Washington Babylon — September 27, 2008, 8:19 am

Lousy Is As Lousy Does: McCain puts his finger on the economic problem

There didn’t seem to be any clear winner in last night’s presidential debate, which presumably is good for Barack Obama since he seems to be slightly ahead at this point. It was discouraging, though, to have Obama endorse the money pit known as “missile defense,” and for him to more or less hold up Henry Kissinger as a foreign policy guru when he talked about the desirability of negotiating directly with Iran (and other “enemies”) without preconditions.

Surely the most penetrating observation of the night came from McCain, when he said in discussing the beleaguered people of one nation currently enmeshed in an economic crisis: they “have a lousy government, so therefore their economy is lousy.” He was talking about Iranians, but I imagine the sentiment rang true for quite a few Americans as well.

“Lousy government” is in fact the best explanation available for the current financial disaster, and House Republicans put on a fresh display the past few days by posing as populist defenders of “Main Street” while offering further tax cuts to Wall Street. As Steven Pearlstein wrote today in The Washington Post:

If you worked at Saturday Night Live and had to construct a parody of what Republican wing nuts might come up with as a solution to the current financial crisis, you simply couldn’t do better than the loopy plan served up by House Republicans this week. Minority Leader John Boehner and his crew have never met a problem they think couldn’t be solved by attracting private capital, and never met a dollar of private capital that couldn’t be lured with a tax cut. So it should have been no surprise that they would try to use the same approach to plug the trillion-dollar hole that’s been blown in the American financial system.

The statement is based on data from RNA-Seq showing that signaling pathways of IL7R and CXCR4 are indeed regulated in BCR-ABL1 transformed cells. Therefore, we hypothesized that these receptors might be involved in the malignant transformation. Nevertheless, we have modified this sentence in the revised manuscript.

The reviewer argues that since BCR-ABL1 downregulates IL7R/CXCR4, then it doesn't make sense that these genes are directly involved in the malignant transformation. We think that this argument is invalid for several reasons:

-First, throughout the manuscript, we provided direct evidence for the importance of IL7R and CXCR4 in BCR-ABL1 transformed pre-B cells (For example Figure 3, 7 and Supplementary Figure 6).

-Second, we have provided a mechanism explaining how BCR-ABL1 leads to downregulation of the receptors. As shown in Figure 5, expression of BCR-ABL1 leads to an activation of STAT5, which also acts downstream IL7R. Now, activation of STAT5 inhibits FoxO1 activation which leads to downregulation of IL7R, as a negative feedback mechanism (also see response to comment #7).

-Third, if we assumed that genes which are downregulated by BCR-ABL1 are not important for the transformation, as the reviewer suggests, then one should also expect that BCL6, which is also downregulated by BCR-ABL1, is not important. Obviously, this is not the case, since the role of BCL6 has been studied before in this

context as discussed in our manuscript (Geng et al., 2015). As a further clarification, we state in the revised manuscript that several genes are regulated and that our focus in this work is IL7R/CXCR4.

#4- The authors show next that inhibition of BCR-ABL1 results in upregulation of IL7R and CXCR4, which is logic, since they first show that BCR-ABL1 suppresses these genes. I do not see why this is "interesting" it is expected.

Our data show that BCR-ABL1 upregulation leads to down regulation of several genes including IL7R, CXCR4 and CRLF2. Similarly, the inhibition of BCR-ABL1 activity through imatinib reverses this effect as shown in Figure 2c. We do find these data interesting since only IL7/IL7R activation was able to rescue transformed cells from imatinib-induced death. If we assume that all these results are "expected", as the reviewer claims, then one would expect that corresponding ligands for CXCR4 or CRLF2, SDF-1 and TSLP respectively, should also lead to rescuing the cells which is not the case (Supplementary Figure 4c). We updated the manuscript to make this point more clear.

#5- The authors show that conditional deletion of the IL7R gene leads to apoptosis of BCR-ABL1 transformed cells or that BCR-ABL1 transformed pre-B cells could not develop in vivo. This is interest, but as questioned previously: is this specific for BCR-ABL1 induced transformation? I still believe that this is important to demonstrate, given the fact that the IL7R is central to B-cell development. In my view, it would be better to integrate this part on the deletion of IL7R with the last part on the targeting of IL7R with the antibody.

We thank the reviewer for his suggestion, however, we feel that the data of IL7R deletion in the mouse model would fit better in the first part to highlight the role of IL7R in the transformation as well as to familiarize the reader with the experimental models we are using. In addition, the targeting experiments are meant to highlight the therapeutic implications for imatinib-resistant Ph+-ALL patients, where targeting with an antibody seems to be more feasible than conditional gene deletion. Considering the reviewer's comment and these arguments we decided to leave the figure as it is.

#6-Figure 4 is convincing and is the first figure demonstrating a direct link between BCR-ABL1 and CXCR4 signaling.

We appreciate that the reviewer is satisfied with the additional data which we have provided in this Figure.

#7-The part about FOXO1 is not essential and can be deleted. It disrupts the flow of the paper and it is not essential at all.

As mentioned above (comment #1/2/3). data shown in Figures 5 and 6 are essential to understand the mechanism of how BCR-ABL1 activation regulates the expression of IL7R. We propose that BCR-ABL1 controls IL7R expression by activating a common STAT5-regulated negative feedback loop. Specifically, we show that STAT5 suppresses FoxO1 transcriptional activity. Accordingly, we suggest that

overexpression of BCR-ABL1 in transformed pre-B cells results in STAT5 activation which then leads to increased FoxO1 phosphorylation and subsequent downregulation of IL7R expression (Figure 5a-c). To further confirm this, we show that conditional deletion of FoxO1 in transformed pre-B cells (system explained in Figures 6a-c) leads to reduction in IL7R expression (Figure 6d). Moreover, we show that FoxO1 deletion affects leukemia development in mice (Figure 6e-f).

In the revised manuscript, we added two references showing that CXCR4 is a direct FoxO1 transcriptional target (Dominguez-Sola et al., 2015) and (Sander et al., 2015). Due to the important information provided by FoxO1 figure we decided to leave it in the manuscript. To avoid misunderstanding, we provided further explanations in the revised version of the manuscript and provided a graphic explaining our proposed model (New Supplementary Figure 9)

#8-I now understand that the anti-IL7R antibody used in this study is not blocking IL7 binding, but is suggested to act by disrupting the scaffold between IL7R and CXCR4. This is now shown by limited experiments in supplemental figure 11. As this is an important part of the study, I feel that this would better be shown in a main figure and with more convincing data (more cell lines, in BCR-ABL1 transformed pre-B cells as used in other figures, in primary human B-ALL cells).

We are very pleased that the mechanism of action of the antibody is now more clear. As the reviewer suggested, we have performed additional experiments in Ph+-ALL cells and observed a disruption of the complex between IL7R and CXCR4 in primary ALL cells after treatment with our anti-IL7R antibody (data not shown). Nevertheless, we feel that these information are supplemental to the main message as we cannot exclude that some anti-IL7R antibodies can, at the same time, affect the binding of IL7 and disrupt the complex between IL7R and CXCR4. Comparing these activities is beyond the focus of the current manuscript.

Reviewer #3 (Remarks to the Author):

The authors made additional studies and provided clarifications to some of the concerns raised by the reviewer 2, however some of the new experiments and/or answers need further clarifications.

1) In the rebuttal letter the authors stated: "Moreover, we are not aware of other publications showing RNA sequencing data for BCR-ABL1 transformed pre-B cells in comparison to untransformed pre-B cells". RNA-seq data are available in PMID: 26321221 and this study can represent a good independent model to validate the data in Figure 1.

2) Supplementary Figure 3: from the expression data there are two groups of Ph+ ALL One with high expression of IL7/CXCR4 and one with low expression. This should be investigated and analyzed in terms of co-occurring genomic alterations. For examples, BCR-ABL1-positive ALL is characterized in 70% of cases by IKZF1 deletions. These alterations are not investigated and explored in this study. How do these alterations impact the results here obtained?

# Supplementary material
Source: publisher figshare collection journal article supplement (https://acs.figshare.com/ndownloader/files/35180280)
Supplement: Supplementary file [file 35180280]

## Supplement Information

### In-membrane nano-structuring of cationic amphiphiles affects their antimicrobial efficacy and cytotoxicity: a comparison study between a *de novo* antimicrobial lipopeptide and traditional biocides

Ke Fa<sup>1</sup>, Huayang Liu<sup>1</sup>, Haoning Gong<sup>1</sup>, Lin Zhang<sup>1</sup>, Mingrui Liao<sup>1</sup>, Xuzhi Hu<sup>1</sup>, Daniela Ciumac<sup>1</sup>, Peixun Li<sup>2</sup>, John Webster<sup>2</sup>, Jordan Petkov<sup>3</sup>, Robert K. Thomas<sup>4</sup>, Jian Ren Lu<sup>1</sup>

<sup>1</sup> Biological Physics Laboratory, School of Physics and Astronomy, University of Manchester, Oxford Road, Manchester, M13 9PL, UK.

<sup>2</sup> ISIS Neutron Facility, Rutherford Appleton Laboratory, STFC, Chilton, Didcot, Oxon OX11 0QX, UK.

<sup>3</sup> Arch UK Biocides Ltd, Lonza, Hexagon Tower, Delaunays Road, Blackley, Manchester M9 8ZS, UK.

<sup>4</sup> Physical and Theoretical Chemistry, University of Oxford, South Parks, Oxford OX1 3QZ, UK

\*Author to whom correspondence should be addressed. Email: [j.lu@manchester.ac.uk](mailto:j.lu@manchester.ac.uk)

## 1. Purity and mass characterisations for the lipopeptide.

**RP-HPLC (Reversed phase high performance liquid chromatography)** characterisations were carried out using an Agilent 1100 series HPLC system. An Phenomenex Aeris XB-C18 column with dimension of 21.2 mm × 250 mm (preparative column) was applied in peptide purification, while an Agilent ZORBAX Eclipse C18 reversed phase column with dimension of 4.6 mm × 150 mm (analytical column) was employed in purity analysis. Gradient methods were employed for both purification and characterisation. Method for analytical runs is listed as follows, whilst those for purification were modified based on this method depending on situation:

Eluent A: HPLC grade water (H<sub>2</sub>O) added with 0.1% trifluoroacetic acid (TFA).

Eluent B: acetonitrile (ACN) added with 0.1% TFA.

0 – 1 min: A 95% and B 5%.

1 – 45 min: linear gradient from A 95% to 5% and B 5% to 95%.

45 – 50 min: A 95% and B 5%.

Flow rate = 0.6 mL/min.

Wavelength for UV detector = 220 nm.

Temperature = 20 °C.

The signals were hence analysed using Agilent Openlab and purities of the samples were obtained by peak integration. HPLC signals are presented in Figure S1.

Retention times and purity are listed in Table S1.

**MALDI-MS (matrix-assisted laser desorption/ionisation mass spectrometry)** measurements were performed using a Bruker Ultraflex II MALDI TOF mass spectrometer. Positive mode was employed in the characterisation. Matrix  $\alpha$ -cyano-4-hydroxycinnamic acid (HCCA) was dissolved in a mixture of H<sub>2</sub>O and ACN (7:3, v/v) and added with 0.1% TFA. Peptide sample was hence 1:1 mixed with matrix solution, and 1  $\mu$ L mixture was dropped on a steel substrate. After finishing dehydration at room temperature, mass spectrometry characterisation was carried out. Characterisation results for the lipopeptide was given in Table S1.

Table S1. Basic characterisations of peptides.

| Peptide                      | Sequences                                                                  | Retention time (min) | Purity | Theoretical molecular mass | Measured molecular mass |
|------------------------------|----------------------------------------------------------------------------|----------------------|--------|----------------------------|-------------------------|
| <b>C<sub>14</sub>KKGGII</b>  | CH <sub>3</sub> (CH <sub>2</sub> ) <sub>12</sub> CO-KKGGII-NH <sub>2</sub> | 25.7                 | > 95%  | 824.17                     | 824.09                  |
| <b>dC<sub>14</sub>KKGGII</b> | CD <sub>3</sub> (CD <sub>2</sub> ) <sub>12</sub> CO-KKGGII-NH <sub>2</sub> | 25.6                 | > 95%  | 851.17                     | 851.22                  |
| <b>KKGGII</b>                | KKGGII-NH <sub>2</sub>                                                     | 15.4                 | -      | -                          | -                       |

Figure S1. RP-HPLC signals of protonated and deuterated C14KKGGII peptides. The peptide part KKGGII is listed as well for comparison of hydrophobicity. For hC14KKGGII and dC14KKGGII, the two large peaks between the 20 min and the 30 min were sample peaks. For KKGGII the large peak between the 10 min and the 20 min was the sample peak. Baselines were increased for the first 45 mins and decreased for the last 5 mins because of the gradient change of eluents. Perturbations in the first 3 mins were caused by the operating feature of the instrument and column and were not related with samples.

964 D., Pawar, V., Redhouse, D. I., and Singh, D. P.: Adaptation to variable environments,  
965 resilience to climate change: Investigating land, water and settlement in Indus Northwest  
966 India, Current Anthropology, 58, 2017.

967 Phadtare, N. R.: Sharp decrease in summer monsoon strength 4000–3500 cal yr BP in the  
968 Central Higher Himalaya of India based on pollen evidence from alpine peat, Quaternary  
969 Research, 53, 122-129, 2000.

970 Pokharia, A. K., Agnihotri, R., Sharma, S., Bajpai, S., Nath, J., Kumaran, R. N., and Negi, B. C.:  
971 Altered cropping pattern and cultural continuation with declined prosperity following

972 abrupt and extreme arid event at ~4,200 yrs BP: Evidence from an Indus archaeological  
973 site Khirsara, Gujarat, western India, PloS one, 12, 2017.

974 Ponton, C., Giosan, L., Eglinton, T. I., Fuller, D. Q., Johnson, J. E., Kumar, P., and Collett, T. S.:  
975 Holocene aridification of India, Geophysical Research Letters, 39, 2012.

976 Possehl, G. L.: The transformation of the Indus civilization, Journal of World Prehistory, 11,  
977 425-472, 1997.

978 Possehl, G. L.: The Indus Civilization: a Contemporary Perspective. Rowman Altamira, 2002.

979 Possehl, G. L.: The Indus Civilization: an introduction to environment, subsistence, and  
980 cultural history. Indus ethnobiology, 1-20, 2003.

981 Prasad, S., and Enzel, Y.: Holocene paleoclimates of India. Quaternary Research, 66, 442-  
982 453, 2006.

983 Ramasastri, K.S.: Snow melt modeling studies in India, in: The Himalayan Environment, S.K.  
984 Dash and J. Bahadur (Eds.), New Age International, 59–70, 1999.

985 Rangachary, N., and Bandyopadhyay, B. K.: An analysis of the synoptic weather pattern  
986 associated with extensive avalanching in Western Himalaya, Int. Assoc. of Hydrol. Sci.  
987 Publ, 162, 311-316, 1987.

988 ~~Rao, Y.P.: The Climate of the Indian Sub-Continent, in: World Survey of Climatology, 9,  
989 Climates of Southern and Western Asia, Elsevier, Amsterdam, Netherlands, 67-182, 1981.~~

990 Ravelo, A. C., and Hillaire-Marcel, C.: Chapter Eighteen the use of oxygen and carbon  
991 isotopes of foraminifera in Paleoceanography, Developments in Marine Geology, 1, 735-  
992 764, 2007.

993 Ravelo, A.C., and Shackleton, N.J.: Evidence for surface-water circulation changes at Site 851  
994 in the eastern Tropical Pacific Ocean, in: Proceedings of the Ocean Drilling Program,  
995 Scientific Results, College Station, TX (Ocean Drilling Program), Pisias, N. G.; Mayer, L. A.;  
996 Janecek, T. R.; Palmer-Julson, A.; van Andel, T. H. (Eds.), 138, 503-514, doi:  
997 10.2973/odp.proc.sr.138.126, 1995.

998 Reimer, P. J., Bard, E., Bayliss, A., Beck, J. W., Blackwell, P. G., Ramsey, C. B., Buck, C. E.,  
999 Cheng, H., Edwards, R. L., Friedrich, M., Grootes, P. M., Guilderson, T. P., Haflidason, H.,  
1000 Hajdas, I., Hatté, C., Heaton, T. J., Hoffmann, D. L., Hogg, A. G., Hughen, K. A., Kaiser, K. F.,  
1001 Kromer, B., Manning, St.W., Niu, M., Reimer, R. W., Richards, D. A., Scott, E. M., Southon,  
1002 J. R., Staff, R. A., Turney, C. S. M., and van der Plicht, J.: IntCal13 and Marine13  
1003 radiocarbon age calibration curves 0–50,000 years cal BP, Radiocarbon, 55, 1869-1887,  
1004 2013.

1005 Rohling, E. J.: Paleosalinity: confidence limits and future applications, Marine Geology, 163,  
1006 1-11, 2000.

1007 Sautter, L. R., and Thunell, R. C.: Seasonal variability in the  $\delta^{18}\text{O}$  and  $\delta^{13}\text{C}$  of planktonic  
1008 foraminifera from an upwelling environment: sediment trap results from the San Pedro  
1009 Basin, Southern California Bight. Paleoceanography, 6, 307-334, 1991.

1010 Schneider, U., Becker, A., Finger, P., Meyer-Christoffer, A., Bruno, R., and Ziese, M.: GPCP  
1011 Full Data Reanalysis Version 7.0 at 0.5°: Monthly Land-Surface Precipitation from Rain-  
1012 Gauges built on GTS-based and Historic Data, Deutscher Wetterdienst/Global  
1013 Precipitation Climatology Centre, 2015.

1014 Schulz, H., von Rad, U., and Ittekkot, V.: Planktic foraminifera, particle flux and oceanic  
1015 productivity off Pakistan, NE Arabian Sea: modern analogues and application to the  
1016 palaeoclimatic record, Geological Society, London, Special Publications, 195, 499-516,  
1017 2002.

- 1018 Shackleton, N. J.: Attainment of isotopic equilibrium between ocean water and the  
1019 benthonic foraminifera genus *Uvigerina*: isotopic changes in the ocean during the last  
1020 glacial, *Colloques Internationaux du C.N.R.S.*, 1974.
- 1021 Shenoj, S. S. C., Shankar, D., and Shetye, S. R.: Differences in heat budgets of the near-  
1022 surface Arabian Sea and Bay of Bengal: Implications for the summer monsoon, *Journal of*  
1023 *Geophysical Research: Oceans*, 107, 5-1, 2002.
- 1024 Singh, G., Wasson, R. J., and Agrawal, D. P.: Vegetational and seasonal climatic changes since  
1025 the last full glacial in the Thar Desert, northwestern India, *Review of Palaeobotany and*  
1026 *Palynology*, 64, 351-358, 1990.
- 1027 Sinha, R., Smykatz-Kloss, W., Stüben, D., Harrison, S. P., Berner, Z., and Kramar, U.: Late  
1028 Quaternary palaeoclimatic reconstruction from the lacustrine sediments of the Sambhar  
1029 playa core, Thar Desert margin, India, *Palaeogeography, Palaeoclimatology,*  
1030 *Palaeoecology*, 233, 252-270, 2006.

That’s right, my fellow Americans, we can lick this financial crisis just by offering an additional capital gains tax break to any investor or hedge fund that agrees to invest in a bank or Wall Street investment house.

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I first heard the name Barack Obama in the spring of 2004, while visiting my mother in Chicago. As we sat around the kitchen table early one spring morning, I noticed a handsome studio portrait among the pictures, lists, cards, and other totems of family life fastened to the refrigerator door. “Who’s the guy with the ears?” I asked, assuming he was some distant relative or family friend I didn’t know or else had forgotten. “Barack Obama,” she answered with a broad smile. “He’s running for Senate, but he’s going to be the first black president.”

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I first heard the name Barack Obama in the spring of 2004, while visiting my mother in Chicago. As we sat around the kitchen table early one spring morning, I noticed a handsome studio portrait among the pictures, lists, cards, and other totems of family life fastened to the refrigerator door. “Who’s the guy with the ears?” I asked, assuming he was some distant relative or family friend I didn’t know or else had forgotten. “Barack Obama,” she answered with a broad smile. “He’s running for Senate, but he’s going to be the first black president.”

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